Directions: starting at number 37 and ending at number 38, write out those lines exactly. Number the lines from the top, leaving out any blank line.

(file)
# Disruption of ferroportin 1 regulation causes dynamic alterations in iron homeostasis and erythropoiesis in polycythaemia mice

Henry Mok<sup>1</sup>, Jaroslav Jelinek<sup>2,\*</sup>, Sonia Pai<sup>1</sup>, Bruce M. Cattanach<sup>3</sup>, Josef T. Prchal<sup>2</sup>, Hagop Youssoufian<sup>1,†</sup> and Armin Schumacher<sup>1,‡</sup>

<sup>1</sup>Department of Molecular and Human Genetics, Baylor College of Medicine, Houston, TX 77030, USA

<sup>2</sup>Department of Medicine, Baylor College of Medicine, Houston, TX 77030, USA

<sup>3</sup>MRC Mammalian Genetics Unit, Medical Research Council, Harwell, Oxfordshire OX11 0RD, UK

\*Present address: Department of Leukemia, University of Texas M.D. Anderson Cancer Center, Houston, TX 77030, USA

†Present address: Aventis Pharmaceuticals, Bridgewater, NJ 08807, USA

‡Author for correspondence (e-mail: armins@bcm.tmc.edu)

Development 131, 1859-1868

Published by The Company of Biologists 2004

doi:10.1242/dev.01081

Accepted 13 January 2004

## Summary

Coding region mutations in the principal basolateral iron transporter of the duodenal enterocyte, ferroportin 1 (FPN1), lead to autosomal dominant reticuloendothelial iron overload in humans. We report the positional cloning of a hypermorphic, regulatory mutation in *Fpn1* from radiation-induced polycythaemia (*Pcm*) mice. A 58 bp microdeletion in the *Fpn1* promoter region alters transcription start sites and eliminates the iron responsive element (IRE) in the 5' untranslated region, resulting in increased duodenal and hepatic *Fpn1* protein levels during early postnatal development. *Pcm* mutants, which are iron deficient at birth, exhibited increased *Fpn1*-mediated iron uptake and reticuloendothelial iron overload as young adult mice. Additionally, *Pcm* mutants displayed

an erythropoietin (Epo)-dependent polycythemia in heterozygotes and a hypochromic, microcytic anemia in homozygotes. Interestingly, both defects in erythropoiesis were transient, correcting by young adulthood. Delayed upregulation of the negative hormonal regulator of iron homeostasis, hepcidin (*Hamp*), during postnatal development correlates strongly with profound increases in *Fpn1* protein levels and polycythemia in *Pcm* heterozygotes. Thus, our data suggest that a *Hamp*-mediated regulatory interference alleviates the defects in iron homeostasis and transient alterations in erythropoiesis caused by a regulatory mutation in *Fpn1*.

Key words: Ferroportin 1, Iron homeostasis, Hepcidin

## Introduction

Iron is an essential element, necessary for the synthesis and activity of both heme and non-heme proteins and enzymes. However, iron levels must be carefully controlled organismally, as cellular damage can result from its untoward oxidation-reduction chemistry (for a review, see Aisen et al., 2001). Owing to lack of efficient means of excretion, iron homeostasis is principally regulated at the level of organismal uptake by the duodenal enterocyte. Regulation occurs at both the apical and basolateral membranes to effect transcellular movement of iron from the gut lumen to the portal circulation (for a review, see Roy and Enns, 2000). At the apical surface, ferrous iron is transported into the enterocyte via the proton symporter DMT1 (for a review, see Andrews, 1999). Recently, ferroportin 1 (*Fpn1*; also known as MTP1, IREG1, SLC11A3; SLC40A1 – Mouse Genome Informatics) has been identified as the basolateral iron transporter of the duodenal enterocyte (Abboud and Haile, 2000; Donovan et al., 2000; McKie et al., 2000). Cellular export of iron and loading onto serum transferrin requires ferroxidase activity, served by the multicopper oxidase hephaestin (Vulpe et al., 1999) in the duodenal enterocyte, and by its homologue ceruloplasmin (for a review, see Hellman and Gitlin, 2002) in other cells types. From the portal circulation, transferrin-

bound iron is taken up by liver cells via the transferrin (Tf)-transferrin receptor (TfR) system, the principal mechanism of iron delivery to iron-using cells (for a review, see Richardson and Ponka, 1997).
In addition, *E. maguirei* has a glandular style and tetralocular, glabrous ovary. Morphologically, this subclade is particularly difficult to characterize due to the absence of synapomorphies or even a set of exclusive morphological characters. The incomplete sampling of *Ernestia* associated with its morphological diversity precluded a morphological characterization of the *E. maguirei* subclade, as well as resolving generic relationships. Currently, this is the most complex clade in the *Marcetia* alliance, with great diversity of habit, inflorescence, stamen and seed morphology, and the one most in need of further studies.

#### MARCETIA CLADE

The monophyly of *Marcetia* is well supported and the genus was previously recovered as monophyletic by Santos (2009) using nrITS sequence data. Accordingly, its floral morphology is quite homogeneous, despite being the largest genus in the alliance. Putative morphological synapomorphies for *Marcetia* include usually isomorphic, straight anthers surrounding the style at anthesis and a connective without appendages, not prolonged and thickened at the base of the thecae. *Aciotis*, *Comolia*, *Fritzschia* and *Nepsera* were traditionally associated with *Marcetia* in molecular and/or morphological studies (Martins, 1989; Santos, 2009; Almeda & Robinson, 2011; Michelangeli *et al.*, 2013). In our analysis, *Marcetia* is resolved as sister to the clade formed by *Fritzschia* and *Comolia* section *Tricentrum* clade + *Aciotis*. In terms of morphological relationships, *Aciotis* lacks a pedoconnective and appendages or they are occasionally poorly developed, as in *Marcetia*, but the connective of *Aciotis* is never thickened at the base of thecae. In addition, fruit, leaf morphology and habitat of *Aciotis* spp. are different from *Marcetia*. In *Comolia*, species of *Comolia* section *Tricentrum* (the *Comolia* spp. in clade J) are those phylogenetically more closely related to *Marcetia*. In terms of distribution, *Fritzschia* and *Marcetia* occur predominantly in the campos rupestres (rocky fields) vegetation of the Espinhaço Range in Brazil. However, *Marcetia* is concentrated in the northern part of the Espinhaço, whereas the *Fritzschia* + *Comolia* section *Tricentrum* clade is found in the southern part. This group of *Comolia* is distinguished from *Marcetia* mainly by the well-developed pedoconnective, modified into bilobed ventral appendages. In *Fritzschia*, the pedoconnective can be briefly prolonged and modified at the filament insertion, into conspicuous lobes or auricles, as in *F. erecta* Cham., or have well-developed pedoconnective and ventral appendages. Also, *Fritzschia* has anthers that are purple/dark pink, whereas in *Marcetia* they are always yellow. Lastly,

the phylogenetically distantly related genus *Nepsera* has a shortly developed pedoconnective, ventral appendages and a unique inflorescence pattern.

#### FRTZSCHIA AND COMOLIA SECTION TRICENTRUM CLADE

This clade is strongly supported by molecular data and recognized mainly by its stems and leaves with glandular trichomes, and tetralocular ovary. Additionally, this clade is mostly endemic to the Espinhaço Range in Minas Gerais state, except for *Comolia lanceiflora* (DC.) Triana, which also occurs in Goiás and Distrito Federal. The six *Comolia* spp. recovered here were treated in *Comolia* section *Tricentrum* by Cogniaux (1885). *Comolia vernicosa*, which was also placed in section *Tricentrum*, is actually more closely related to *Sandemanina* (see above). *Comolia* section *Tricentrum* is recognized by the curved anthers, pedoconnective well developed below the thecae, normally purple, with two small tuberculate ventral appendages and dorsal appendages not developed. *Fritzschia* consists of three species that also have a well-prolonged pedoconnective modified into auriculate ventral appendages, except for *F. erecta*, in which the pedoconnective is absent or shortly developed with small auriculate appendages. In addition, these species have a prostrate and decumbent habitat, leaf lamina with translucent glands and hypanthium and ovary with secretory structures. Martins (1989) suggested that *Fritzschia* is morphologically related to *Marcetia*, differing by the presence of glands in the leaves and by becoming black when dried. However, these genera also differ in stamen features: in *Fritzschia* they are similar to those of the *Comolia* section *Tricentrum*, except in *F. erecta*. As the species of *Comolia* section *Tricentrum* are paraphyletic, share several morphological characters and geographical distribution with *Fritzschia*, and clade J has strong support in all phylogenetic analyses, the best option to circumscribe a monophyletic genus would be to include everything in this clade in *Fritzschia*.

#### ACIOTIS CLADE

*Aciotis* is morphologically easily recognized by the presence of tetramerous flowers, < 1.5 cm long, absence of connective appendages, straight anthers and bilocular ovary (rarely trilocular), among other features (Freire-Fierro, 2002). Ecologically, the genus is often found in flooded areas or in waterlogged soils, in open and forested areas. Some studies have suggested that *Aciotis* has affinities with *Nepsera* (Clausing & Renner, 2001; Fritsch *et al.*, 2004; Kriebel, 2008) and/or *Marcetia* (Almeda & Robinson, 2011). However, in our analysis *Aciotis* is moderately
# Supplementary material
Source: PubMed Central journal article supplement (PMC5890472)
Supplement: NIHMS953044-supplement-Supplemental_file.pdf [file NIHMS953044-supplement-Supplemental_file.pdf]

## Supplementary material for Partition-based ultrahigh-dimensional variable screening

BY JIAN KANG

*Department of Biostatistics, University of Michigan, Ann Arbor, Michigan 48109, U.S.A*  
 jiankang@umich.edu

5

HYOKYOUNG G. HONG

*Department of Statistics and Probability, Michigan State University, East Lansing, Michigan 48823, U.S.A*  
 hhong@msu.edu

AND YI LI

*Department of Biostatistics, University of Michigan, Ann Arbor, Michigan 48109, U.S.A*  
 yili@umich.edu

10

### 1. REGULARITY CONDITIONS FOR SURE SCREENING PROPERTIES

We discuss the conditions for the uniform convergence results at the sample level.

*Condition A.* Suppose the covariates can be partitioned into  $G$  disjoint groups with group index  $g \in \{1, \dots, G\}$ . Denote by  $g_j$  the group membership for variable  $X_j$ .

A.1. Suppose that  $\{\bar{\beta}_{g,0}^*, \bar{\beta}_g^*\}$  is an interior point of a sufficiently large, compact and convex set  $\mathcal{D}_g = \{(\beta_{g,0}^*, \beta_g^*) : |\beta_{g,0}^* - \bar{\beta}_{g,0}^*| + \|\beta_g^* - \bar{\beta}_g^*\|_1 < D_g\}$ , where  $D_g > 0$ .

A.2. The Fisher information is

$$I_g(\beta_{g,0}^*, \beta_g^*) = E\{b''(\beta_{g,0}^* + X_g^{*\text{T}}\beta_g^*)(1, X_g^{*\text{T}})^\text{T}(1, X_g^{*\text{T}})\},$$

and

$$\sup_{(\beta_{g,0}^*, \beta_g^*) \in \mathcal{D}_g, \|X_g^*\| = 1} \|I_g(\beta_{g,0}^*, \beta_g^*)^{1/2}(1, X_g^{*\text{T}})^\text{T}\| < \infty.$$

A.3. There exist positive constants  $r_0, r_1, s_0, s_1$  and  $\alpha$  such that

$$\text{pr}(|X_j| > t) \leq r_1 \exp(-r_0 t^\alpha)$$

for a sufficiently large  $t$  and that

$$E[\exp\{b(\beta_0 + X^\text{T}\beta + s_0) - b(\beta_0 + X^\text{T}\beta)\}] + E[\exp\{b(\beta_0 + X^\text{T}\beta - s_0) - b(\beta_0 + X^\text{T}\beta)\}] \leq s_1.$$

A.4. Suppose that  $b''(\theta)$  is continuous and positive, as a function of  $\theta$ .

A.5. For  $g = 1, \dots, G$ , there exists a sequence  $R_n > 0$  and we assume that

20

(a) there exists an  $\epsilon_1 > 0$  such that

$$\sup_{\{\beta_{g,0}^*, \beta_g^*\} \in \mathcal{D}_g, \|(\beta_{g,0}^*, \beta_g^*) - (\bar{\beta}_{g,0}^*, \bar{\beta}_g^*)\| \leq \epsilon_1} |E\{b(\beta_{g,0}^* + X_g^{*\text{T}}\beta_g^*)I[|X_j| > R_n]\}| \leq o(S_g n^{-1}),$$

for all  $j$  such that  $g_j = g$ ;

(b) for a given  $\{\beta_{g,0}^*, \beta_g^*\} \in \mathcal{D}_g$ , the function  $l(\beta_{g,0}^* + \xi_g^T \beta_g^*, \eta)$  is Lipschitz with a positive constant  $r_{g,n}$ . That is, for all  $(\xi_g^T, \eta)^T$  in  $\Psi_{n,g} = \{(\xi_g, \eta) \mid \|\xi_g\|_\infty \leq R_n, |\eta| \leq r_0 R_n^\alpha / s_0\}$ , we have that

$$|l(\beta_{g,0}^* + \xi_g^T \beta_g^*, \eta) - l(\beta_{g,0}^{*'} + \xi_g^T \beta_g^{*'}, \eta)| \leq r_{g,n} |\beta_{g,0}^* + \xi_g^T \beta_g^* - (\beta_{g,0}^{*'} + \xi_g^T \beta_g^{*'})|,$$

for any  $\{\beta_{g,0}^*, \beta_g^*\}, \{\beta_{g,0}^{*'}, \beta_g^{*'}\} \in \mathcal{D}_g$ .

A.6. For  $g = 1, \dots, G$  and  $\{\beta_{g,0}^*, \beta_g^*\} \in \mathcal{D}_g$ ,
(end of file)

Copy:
*Department of Statistics and Probability, Michigan State University, East Lansing, Michigan 48823, U.S.A*  
 hhong@msu.edu